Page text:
Gregory underscores the point: `You talk of sharing honors and rewards with me, but I must talk of struggle and toil. Now is not the time for rewards or the time for my glory to be revealed. Earthly life is the time for bloodshed, war and danger.’

We saw recently, “the secret of the desert is learning to lose. When you know how to lose, you also know how to love! In some ways, every moment in our life is a gradual refinement so that we are prepared to encounter death… `Stay in your cell,’ they [the desert fathers] advise us. Because so often we are tempted to move outside, to stray away from who and what we are. Learning to face who and what we are – without any façade, without any make-up, without any false expectations – is one of the hardest and at the same time, one of the finest lessons of the desert. Putting up with ourselves is the first and necessary step of learning to put up with others.”

John Henry Newman translates this call to bloodshed, war, danger, loss as “ventures” or “risk” of faith:

“They say unto him, `We are able.’’ (Matthew 20, 22).
“These words of the holy apostles James and John were in reply to a very solemn question addressed to them by their divine master. They coveted, with a noble ambition, though as yet unpracticed in the highest wisdom, untaught in the holiest truth – they coveted to sit beside him on his throne of glory.. They would be content with nothing short of that special gift which he had come to grant to his elect, which he shortly after died to purchase for them, and which he offers to us. They ask the gift of eternal life; and he in answer told them, not that they should have it (though of them it was really reserved), but he reminded them what they must venture for it: `Are ye able to drink of the cup that I shall drink of, and to be baptized with the baptism that I am baptized with? They say unto him, We are able.’ Here then a great lesson is impression upon us, that our duty as Christians lies in this, in making ventures for eternal life without the absolute certainty of success.”

Newman continues:

“Who does not at once admit that faith consists in venturing on Christ’s word without seeing? Yet in spite of this, may it not be seriously questioned whether men in general, even those of the better sort, venture anything upo his truth at all?

“Consider for an instant. Let everyone who hears me ask himself the question, What stake has he in the truth of Christ’s promise? How would he be a whit the worse off, supposing (which is impossible), but, supposing it to fail? We know what it is to have a stake in any venture of this world. We venture our property in plans which promise a return; in plans which we trust, which we have faith in. What have we ventured for Christ? What have we given to him on a belief of his promise? The Apostle said that he and his brethren would be of all men most miserable if the dead were not raised. Can we in any degree apply this to ourselves?... This is the question, What have we ventured? I really fear, when we come to examine, it will be found that there is nothing we resolved, nothing we do, nothing we do not do, notching we avoid, nothing we choose, nothing we give up, nothing we pursue, which we should not resolved, and do, and not do, and avid, and choose, and give up, and pursue, if Christ had not died, and heaven were not promised us. I really fear that most men called Christians, whatever they may profess, whatever they may think they feel, wherever warmth and illumination and love they may claim as their own, yet would go on almost as they, neither much better nor much worse, if they believed Christianity to be a fable.”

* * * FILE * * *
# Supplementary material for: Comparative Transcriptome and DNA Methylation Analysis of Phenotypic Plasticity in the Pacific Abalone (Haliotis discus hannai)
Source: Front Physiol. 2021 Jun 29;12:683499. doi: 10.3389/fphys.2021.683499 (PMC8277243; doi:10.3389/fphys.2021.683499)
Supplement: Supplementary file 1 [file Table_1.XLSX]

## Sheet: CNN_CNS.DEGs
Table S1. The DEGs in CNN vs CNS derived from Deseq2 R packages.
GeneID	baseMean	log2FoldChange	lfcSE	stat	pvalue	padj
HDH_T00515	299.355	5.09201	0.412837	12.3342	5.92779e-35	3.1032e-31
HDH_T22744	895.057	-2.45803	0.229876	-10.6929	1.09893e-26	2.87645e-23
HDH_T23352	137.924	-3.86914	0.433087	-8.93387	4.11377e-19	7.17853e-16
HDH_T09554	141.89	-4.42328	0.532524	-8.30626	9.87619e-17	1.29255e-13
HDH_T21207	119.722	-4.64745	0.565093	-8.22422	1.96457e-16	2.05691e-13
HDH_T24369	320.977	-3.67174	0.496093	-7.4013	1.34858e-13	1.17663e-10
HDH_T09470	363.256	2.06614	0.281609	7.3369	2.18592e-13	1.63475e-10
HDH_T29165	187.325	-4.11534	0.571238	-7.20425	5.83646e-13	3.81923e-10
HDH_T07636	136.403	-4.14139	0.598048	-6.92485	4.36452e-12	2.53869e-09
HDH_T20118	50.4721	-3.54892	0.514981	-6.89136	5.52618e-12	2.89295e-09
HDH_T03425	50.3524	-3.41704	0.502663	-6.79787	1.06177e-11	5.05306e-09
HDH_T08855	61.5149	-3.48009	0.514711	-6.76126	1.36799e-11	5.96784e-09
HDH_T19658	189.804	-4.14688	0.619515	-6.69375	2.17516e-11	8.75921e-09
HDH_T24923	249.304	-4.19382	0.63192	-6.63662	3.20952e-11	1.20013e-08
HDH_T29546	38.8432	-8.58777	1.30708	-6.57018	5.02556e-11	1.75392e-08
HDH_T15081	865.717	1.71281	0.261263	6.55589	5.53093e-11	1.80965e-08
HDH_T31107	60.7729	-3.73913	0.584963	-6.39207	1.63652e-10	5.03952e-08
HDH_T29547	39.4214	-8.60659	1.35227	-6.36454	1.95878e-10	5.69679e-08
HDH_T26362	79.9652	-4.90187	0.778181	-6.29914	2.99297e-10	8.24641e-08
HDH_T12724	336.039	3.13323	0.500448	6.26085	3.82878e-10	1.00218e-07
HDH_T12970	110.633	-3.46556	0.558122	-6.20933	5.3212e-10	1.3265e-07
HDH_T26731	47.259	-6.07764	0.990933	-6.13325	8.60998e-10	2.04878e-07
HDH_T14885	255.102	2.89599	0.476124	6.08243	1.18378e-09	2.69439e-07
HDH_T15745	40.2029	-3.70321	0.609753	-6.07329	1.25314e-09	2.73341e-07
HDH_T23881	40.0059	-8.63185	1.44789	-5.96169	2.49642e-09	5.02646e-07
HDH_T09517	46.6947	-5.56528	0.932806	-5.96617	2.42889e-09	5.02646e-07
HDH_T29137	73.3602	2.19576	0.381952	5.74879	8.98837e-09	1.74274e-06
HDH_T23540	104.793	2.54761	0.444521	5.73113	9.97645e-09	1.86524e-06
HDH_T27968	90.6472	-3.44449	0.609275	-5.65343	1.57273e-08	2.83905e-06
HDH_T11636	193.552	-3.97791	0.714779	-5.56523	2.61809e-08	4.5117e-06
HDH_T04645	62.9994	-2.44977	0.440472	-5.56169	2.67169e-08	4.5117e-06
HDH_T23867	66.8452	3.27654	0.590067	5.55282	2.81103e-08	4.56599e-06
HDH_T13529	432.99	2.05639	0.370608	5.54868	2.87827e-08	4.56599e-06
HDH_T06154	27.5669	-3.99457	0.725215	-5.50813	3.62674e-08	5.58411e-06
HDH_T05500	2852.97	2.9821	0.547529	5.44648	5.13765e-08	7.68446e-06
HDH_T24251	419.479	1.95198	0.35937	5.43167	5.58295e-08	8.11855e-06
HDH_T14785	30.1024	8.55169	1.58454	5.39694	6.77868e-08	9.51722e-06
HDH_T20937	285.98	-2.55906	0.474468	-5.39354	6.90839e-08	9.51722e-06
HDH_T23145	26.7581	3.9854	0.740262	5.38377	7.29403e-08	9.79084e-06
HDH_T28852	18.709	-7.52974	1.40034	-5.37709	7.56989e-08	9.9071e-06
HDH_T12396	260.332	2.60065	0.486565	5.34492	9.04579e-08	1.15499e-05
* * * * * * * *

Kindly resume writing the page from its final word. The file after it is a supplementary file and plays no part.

John Paul II from Santiago (1982): to Europe, and therefore to us:

“I, John Paul, son of the Polish nation which has always considered itself European by its origins, traditions, culture and vital relationships, Slavic among the Latins and Latin among the Slavs; I, Successor of Peter in the See of Rome, a See which Christ wished to establish in Europe and which he loves because of its efforts for the spread of Christianity throughout the whole world; I, Bishop of Rome and Shepherd of the Universal Church, from Santiago, utter to you, Europe of the ages, a cry full of love: Find yourself again. Be yourself. Discover your origins, revive your roots. Return to those authentic values which made your history a glorious one and your presence so beneficent in the other continents. Rebuild your spiritual unity in a climate of complete respect for other religions and other genuine liberties. Give to Caesar what belongs to Caesar, and to God what belongs to God. Do not become so proud of your achievements that you forget their possible negative effects. Do not become discouraged for the quantitative loss of some of your greatness in the world or for the social and cultural crises which affect you today. You cab still be the guiding light of civilization and the stimulus of progress for the world. The other continents look to you and also hope to receive from you the same reply which James gave to Christ. `I can do it.’”
[1] From a homily on Matthew by Saint John Chrysostom: Homily 65, 2-4: PG 58, 619-622. Breviary III, Ordinary Time, Weeks 1-17, Office of Reading for James, Apostle, July 25: pp. 1551-1552
[2] John Henry Newman, “Parochial and Plain Sermons,” Ignatius (1987) 917-918.